Graham Kilmer

City Starts Over on Deconstruction

It's back to demolishing old buildings, while trying to start small deconstruction program.

By - Jan 9th, 2019 12:48 pm
A home being deconstructed. Photo from the City of Milwaukee.

A home being deconstructed. Photo from the City of Milwaukee.

A year ago the Milwaukee Common Council passed an ordinance requiring a number of vacant and blighted buildings be deconstructed rather than demolished, and yesterday a council committee did away with that ordinance — but with a change that may help revive it.

A substitute ordinance passed by the council’s Zoning, Neighborhoods & Development Committee halted enforcement of the city’s deconstruction rules until 2020. Those rules require buildings built before 1929 to be deconstructed and all the materials salvaged for reuse, as opposed to using the faster, cheaper mechanical demolition.

Ald. Bob Bauman who introduced the deconstruction ordinance a year ago said, “We got into this with the goal of creating jobs and promoting sustainability. Two goals which this city has spent the last decade talking about.” Deconstruction work requires more workers and hours of work for a job that demolition crews do with heavy equipment. This, Bauman and industry advocates said, creates jobs that are prime for entry level workers and ex-offenders.

The success of the program also relied on private contractors making investments in training and infrastructure to support a nascent market for salvaged materials that, in theory, would become lucrative once the supply from city-owned properties juiced that market into existence.

But in the year since the ordinance was adopted, the city failed to secure more than a handful of contracts with private contractors for deconstruction jobs. The Department of Neighborhood Services (DNS) was seeing bids that were significantly higher than they expected, or contractors that could not meet the city’s workforce requirements under the Residents Preference Program and bid applications that were poorly or incompletely filled out.

And while DNS struggled to move the program forward, vacant city owned properties slated for demolition remained standing, as the Department of Public Works’ demolition crew was shuttered under the deconstruction ordinance.

Bauman is certain that DNS had no intention of ever seeing the program become successful. “DNS has worked its magic by forcing this council to suspend this ordinance that they probably never wanted to see passed in the first place,” he charged.

DNS roundly rejected this claim. “We have been in good faith trying to get this initiative off the ground. We like the council would love to see job creation and diversion of waste, the many good things that deconstruction does,” said Tom Mishefske, DNS interim Commissioner.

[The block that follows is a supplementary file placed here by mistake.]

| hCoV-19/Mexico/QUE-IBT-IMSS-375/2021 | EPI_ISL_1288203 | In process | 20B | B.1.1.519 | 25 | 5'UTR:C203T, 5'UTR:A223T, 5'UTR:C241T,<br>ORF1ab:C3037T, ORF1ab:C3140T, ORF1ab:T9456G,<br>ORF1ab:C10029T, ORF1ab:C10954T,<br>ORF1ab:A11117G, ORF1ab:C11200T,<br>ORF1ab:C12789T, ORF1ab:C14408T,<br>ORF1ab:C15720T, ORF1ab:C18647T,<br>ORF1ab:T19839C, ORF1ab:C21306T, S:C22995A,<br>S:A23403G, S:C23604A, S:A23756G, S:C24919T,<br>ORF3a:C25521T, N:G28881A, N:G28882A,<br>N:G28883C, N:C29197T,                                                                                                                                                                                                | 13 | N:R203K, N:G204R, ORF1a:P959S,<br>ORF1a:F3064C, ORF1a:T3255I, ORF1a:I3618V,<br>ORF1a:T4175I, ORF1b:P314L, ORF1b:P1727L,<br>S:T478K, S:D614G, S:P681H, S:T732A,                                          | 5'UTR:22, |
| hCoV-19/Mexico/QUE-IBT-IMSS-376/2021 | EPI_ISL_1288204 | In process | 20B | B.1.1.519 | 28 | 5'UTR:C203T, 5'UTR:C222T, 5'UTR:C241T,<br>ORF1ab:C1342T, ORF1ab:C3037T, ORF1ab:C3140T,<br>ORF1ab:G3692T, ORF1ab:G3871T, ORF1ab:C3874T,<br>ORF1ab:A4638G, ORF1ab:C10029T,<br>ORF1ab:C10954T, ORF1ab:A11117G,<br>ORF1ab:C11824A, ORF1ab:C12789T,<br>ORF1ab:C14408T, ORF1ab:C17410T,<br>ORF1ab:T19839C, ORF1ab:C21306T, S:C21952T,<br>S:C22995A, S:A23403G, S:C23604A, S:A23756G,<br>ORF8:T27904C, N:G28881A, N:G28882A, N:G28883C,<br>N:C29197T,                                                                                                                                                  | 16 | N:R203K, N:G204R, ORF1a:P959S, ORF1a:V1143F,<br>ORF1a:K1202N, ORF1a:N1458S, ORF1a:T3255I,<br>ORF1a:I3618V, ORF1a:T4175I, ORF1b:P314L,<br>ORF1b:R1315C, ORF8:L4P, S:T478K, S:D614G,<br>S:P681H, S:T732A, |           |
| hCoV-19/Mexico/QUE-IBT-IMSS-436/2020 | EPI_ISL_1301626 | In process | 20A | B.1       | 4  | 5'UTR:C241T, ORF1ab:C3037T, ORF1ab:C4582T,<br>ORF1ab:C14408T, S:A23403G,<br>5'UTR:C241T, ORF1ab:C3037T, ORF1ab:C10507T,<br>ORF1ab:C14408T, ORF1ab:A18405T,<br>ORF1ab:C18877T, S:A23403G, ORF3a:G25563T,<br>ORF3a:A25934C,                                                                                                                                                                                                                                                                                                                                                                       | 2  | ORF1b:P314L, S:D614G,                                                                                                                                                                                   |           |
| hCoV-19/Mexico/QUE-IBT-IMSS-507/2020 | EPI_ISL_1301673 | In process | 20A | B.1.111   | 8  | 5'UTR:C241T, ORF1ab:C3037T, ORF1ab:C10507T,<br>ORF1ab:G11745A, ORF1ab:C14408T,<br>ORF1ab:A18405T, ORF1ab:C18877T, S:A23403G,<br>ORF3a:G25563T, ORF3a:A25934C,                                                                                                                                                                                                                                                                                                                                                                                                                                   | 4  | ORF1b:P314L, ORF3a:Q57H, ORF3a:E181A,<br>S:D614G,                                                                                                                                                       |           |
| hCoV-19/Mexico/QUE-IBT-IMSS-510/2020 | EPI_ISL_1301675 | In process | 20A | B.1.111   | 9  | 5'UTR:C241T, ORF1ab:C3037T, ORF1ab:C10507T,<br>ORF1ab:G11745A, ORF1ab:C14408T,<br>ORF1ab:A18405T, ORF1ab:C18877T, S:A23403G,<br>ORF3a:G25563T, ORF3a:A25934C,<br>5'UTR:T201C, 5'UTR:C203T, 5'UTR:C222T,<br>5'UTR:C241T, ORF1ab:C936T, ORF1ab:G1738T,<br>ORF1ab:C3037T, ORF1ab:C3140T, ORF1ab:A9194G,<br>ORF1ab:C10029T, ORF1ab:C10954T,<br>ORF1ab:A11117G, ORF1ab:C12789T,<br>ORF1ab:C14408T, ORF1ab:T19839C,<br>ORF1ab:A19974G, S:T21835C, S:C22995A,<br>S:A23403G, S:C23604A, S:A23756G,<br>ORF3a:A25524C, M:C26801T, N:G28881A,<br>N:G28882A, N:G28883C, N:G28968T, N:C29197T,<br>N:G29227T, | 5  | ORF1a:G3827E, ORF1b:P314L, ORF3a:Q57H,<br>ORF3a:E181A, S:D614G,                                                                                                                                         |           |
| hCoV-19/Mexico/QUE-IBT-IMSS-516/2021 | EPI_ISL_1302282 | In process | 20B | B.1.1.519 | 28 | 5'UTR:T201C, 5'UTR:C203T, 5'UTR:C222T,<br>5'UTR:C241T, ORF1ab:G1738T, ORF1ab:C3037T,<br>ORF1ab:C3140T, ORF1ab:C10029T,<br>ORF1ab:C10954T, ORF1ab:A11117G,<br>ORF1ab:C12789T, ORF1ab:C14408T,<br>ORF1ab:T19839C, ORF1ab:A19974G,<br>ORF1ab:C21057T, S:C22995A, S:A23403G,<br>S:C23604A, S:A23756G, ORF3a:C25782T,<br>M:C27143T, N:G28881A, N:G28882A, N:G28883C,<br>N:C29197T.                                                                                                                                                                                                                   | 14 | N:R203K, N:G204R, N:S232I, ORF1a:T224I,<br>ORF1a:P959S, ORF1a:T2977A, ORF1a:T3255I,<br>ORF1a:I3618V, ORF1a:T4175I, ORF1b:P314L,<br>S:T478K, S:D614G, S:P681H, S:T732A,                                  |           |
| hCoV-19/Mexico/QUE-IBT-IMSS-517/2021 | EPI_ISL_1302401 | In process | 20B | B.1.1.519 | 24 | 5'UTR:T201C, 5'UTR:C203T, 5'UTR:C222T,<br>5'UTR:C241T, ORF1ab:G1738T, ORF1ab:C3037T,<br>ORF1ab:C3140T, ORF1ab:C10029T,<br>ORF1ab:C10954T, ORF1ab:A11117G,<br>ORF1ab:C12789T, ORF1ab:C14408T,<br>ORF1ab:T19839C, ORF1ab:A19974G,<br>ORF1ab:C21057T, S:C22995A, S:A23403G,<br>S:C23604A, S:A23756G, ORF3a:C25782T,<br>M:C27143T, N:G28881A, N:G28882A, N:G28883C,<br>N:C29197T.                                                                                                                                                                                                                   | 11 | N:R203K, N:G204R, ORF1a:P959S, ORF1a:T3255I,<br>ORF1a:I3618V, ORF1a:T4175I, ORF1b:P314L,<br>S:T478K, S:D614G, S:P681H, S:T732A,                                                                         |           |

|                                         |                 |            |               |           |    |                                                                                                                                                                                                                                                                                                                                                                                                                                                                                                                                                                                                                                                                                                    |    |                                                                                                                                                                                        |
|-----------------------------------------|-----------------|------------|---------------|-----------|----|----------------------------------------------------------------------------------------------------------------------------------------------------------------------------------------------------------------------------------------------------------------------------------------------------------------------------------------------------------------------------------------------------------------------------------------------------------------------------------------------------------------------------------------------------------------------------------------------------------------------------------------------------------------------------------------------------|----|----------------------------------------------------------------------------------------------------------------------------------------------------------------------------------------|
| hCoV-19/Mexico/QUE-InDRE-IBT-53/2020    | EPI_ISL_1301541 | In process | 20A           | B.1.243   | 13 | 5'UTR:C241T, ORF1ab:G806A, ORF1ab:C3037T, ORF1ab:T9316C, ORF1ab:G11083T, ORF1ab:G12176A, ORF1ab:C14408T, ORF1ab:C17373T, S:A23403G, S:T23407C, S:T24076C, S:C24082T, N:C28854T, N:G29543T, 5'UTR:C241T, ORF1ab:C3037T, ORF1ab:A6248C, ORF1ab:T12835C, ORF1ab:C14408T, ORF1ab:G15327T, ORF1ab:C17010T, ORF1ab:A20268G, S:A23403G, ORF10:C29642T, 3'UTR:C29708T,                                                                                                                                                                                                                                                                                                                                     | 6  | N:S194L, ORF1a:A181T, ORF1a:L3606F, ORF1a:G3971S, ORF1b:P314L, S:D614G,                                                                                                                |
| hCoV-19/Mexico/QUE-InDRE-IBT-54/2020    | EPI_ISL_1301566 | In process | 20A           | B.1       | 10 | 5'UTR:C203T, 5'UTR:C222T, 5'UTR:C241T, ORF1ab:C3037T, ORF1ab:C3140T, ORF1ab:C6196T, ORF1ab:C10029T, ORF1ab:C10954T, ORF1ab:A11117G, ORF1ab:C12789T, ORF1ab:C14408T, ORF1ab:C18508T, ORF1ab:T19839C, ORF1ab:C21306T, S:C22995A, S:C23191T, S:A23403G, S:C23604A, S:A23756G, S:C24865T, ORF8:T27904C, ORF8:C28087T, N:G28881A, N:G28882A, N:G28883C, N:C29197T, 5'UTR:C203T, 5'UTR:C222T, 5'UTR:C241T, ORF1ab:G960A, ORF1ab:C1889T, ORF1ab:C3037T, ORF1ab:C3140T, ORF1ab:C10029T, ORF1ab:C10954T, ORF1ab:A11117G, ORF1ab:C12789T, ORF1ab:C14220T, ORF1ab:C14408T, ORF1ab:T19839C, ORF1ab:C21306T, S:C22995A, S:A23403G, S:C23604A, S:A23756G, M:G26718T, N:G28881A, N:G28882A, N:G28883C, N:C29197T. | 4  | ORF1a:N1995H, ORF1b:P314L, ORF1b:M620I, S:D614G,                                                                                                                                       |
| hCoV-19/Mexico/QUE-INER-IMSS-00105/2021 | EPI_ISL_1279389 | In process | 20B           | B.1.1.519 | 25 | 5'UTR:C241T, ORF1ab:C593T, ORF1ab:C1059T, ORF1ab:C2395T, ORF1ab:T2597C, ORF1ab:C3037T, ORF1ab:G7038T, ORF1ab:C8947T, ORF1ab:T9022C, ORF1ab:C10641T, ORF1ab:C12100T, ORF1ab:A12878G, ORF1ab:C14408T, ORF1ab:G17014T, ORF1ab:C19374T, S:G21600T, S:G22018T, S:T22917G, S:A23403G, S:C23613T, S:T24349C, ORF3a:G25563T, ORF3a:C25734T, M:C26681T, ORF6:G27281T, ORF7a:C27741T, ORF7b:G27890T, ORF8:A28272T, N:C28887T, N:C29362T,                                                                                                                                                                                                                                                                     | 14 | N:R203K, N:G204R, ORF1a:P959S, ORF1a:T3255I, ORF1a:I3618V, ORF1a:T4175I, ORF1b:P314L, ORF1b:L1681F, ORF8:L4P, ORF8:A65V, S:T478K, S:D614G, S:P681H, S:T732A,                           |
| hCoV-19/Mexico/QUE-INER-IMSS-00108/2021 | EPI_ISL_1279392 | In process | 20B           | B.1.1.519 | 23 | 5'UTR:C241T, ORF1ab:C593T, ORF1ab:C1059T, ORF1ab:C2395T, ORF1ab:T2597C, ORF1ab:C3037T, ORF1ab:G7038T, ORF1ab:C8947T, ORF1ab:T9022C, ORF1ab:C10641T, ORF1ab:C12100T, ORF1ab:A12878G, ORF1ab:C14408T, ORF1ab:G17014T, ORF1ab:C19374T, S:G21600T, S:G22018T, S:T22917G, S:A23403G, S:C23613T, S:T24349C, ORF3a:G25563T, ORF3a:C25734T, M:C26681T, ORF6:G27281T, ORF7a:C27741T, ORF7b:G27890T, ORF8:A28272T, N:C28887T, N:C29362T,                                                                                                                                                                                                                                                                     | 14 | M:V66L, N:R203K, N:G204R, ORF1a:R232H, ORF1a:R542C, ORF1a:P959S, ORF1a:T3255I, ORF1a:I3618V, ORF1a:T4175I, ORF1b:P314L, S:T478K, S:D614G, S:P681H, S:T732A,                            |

In 2018, as properties going without demolition stacked up, they started to become a problem for local residents, specifically in aldermanic districts like the 15th and the 6th where a majority of city owned properties, most of them foreclosures, are located.

Ald. Milele Coggs and Ald. Russell Stamper, of the 6th and 15th respectively, sponsored the new ordinance and a new resolution. The resolution does several things. It directs DPW to resurrect its demolition team, it directs DNS to contract for or staff at least one in-house deconstruction crew by April 1 and train them up with skills, expertise and certification needed using $1.2 million that has been appropriated for this program over the next year.

Coggs and Stamper were not critical of the theory behind deconstruction; rather, they said they were responding to the pressures of blighted, vacant properties, that need to be demolished in their neighborhoods. “It’s about the people we serve so they can have some stability in their neighborhoods,” Coggs said.

Coggs said the new legislation does not eliminate deconstruction, “It merely gives us the opportunity to deal with the reality of where we are.”

Stamper said last year was not a complete failure, adding that the city learned from the results of their deconstruction effort, and developed this new viable ordinance.

But Bauman was able to amend the language of the new resolution to require that DNS uses the $1.2 million to take a meaningful stab at the deconstruction program this year. “That’s a big number,” he tells Urban Milwaukee. “I anticipate they will do 40 to 50 deconstructions this year with that money.”

The downtown alderman expects the amended proposal to pass when it goes before the Common Council and believes the new plan will help assure DNS becomes more committed to deconstruction, even as it goes back to demolishing most buildings. “I think this is a positive outcome,” Bauman says.

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Categories: Real Estate

One thought on “City Starts Over on Deconstruction”

  1. Barbara Richards says:

    I would hope getting the deconstruction program under way will lower the barriers to its growth – that is the kind of growth we need – and begin to counter the demolition over time.

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